[53] In general, lunar volcanic glasses can be identified in spectra by broad absorptions at 1.0 and 2.0 μm. The amount of titanium in the glasses can be determined by an iron-titanium charge transfer absorption feature in the visible region of the electromagnetic spectrum. The higher the Ti content in the glasses, the stronger the absorption edge in the visible [Bell et al., 1976]. Black beads that represent the crystallized equivalents of the orange glasses have a strong, broad absorption centered at ∼0.6 μm that is due to the presence of ilmenite.

[54] Galileo images provided the first multispectral images of the DMRD region and the dark halo deposit itself; Pieters et al. [1993] showed that the ring deposit is somewhat brighter than nearside mantling deposits, has a very weak 1 μm absorption band, and has an ultraviolet-visible (UV/VIS) ratio that is relatively high but lower than that seen in nearside deposits of black spheres. They concluded that these characteristics could be consistent with contamination of the deposit by highland material (as suggested by Greeley et al. [1993]). They also proposed an alternative interpretation, that the actual spectral properties of the pyroclastics themselves dominate the measured spectral properties. In the first case the deposits could be interpreted as similar to ilmenite-rich dark mantling material such as the black beads sampled at Apollo 17. In the second case, however, the weak 1 μm band could indicate that the deposits are not homogeneous glass but are in a crystallized form. The low UV/VIS ratio, relative to black beads seen elsewhere, could be due to the lower abundance of ilmenite, the opaque component that causes darkening. In the latter case, the Orientale ring deposit might have affinities with the local medium-Ti deposits identified in the Orientale region [Greeley et al., 1993].

[55] The Clementine UV/VIS spectral data for the Orientale DMRD show a slight absorption at 0.9–1.0 μm, similar to that seen in Aristarchus DMD spectra [Weitz et al., 1998]. On the basis of these characteristics, the beads that compose the Orientale DMRD were interpreted to be dominated by glasses, rather than the crystallized beads typical of the Taurus-Littrow DMD deposit. The implications are that the DMRD beads cooled rapidly after eruption at the surface, preventing crystals from forming. Low optical density in the eruption plume, due to either a high gas content or a low mass eruption rate, is required to enhance rapid cooling and explain the dominance of glasses in the deposit. This implies relatively rapid cooling times for the eruption products, consistent with the Head et al. [2002] scenario of a dike stalling and buildup of volatile foams prior to eruption. Although analysis is not yet complete, M3 data suggest that the pyroclastic deposits have been weathered and are glass-rich only at small fresh craters. Although the age of these deposits is not known due to the difficulty of dating friable mantle deposits, there is no reason to believe that they lie outside the range of model ages for the mare deposits.

[56] The total duration of volcanic activity in Orientale spans 0.85–1.50 Ga (see section 7), but despite this lengthy duration, the ponds have relatively low volumes [Yingst and Head, 1997]. In comparison to other large impact basins on the Moon, Orientale contains a very small total volume of mare material, ∼46,000 km3. Bratt et al. [1985b] calculated total volumes for basins on the nearside of the Moon, which include the volume of the topographic depression and mare fill. For comparison, these volumes are taken as the maximum volume of mare. Serenitatis and Nectaris, two basins similar in size to Orientale, have total basin volumes of 1 × 106 km3 and 7 × 105 km3, respectively. According to Bratt et al. [1985b], Orientale has a total basin volume of 7 × 105 km3, meaning that there is ∼6.55 × 105 km3 that was not filled with mare. Consequently the mare load in the center of Orientale Basin is not as massive as the initial central loads that are likely to have characterized the deeper basin interior in other lunar basins. For example, Solomon and Head [1980] estimated the thickness of Mare Orientale to be 1–2 km in modeling the mare load and its influence on flexure. The mantle plug that was uplifted into the excavated cavity when it collapsed [Wieczorek and Phillips, 2000], and its superisostatic state may thus be of more significance in terms of a cause of the local extensional stress along the edge of the basin.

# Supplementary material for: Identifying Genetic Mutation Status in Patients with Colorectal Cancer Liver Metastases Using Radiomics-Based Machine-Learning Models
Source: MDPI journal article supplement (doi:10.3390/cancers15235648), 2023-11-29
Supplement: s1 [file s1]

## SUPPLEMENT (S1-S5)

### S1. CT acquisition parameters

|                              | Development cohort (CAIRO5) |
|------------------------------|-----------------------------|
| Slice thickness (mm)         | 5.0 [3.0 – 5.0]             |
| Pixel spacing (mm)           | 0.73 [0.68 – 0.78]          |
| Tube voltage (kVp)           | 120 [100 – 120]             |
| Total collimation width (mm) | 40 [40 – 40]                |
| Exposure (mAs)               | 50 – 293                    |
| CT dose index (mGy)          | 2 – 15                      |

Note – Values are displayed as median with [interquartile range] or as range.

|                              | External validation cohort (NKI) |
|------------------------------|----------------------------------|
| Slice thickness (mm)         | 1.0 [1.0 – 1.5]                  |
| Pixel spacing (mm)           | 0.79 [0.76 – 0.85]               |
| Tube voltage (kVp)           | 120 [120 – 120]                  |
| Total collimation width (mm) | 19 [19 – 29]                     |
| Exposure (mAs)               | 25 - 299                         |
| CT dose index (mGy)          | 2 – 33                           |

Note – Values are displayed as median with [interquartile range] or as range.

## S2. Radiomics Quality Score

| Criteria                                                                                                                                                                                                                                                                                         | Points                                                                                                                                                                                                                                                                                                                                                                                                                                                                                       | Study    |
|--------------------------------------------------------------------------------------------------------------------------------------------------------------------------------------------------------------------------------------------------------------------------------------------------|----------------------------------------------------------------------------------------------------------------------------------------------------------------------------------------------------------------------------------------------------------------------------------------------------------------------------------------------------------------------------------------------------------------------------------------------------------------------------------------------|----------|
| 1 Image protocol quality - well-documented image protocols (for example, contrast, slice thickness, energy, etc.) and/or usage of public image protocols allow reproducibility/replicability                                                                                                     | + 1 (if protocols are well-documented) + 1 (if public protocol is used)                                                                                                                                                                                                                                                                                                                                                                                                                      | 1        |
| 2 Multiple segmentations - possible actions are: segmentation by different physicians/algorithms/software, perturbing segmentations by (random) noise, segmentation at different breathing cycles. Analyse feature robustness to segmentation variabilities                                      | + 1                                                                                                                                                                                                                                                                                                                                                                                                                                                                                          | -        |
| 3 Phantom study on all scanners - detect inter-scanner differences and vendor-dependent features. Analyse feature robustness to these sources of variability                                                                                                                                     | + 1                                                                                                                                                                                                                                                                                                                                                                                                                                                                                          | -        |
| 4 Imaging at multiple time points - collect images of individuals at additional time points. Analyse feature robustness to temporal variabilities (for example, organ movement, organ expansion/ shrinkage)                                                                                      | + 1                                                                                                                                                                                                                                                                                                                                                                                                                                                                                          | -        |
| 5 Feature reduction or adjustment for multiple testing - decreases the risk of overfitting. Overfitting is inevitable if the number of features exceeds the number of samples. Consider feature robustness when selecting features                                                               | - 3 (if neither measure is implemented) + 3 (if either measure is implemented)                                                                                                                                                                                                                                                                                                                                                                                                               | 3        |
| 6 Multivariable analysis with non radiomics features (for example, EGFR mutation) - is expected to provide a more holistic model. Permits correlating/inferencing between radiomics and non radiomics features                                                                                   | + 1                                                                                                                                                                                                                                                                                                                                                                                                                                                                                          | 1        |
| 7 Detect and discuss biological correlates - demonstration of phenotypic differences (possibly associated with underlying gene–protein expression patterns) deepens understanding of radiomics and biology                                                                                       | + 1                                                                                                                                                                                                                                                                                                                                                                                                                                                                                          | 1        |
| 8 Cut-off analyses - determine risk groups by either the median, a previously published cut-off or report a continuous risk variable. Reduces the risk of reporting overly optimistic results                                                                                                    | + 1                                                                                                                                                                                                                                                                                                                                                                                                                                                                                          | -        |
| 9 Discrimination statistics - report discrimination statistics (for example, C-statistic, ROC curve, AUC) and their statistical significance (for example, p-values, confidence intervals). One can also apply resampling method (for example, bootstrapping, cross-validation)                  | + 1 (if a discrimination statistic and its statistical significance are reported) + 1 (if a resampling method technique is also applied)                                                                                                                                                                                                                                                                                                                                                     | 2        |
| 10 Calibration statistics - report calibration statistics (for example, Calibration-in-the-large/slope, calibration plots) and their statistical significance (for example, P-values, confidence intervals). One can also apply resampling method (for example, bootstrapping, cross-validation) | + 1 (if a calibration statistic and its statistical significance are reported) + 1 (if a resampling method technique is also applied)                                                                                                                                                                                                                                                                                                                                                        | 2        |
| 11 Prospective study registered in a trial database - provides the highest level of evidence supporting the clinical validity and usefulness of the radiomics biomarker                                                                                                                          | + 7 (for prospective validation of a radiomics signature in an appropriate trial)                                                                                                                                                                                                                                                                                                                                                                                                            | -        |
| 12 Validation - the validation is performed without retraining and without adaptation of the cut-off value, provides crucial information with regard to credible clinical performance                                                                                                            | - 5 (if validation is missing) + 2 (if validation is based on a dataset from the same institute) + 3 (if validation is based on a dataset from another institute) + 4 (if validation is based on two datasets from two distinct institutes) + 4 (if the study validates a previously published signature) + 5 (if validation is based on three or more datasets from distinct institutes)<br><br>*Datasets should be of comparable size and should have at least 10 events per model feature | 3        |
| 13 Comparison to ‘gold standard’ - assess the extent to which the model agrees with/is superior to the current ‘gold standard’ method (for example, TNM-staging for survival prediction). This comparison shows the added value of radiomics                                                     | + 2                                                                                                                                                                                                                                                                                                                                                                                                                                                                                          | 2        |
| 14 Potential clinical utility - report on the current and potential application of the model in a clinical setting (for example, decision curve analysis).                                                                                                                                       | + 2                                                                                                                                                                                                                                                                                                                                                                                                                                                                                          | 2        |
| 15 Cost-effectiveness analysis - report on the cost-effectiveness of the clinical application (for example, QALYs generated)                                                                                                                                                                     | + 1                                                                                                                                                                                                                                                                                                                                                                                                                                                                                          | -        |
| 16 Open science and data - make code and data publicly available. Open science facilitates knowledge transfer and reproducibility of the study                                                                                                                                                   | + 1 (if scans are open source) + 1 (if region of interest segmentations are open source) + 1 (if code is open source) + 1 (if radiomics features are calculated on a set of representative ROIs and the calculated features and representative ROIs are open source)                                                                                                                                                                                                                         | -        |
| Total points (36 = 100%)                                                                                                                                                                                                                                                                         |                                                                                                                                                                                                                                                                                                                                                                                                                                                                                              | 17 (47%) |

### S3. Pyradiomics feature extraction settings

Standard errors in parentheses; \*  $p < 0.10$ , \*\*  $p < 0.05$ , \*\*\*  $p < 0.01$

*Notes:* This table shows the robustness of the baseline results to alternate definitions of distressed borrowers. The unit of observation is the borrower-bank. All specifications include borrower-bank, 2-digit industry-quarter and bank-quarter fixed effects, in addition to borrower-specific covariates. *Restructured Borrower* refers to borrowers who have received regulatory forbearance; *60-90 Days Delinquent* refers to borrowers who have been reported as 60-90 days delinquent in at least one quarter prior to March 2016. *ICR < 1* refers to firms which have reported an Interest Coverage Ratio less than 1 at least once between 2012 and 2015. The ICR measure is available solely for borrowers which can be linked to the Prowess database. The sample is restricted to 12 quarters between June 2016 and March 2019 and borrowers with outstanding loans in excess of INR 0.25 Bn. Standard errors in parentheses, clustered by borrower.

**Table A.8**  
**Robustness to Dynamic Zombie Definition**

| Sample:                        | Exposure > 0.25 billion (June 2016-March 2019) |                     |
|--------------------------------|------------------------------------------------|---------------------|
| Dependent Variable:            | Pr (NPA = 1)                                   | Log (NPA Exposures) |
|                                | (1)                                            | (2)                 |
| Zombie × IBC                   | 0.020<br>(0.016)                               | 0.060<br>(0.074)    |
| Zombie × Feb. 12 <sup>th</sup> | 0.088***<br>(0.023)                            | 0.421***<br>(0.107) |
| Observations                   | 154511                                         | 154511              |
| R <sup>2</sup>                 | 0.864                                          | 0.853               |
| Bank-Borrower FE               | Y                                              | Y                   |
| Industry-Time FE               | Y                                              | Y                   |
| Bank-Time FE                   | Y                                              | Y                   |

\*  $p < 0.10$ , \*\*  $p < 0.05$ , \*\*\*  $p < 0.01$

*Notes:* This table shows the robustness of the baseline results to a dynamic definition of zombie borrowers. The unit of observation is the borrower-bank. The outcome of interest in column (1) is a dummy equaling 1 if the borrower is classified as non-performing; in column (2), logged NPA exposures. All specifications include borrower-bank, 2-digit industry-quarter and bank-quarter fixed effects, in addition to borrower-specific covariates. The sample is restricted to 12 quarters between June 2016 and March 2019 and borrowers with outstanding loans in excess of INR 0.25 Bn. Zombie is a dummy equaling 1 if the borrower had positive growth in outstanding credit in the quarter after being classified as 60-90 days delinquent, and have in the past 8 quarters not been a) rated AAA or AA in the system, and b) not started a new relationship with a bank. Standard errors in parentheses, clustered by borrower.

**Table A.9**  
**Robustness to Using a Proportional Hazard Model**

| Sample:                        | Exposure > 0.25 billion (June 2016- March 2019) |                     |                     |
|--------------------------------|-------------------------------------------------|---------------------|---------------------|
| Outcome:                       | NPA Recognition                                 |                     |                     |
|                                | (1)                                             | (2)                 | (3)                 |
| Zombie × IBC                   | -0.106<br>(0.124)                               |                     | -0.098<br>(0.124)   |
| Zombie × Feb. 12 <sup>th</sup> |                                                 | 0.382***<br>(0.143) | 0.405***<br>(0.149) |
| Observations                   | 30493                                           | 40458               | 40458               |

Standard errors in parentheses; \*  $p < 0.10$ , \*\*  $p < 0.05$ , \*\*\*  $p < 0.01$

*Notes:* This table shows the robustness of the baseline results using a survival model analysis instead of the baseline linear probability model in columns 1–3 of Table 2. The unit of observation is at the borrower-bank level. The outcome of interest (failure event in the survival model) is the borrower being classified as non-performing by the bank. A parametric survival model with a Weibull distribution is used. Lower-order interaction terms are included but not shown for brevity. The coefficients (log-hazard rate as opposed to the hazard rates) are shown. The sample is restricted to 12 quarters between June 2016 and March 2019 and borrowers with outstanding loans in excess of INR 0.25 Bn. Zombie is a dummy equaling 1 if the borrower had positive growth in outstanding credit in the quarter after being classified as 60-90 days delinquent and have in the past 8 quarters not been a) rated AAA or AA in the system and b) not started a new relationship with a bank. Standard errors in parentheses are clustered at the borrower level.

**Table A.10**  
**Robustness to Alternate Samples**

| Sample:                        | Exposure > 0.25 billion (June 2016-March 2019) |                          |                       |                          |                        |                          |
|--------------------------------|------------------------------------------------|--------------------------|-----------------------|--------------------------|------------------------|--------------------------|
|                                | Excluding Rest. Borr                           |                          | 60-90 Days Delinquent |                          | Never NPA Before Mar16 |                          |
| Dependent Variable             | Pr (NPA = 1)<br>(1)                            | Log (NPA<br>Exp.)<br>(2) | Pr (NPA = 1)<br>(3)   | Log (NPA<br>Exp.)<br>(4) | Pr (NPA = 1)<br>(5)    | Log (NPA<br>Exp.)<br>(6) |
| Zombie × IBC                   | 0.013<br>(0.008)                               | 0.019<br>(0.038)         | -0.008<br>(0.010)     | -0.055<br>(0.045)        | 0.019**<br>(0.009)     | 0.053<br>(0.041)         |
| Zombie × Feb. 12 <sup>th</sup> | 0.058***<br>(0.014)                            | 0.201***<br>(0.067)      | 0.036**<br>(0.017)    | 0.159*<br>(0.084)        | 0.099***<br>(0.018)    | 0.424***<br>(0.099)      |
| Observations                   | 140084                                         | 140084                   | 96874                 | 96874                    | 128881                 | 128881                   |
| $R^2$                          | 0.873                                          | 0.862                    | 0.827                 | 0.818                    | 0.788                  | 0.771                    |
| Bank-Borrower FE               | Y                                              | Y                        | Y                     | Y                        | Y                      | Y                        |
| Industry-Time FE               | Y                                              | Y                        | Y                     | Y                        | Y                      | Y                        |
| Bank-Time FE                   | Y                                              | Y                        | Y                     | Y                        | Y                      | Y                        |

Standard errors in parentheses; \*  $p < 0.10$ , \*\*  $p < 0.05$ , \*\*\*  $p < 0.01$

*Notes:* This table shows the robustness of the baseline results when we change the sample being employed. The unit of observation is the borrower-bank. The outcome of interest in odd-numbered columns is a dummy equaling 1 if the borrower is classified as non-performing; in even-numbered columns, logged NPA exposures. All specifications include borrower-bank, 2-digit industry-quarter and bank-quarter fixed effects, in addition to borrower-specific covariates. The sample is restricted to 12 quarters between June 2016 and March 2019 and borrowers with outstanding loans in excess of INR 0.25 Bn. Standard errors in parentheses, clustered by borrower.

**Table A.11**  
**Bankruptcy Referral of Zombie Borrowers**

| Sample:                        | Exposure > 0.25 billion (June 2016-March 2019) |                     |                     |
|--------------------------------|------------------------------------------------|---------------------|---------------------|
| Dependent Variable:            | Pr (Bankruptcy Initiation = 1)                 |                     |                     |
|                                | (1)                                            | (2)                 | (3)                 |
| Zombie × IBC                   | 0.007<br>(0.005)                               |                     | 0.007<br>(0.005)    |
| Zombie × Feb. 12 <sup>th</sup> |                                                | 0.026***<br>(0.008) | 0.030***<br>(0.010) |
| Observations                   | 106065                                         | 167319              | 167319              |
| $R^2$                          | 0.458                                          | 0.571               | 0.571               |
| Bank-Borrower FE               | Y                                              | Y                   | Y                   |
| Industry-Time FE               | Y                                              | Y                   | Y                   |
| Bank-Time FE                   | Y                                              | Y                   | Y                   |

6. Craters Kopff and Maunder

  1. Top of page
  2. Abstract
  3. 1. Introduction
  4. 2. The Moon Mineralogy Mapper (M3) Experiment, Related Data, and Analysis
  5. 3. Review of Models of Mare Basalt Genesis Related to Impact Basin Formation/Evolution and Global Crustal Thickness Variations
  6. 4. The Orientale Basin: Background and Setting
  7. 5. Distribution, Areas, and Volumes of Mare Basalts and Related Volcanic Features
  8. 6. Craters Kopff and Maunder
  9. 7. Ages of Mare Basalts
  10. 8. Mineralogy of Mare Basalts
  11. 9. Volcanological Features Associated With Mare Basalt Deposits
  12. 10. Altitude Distribution of and Deformation of Mare Basalts
  13. 11. Evaluation of Models for Formation and Evolution of Mare Basalts
  14. 12. Conclusions
  15. Acknowledgments
  16. References
  17. Supporting Information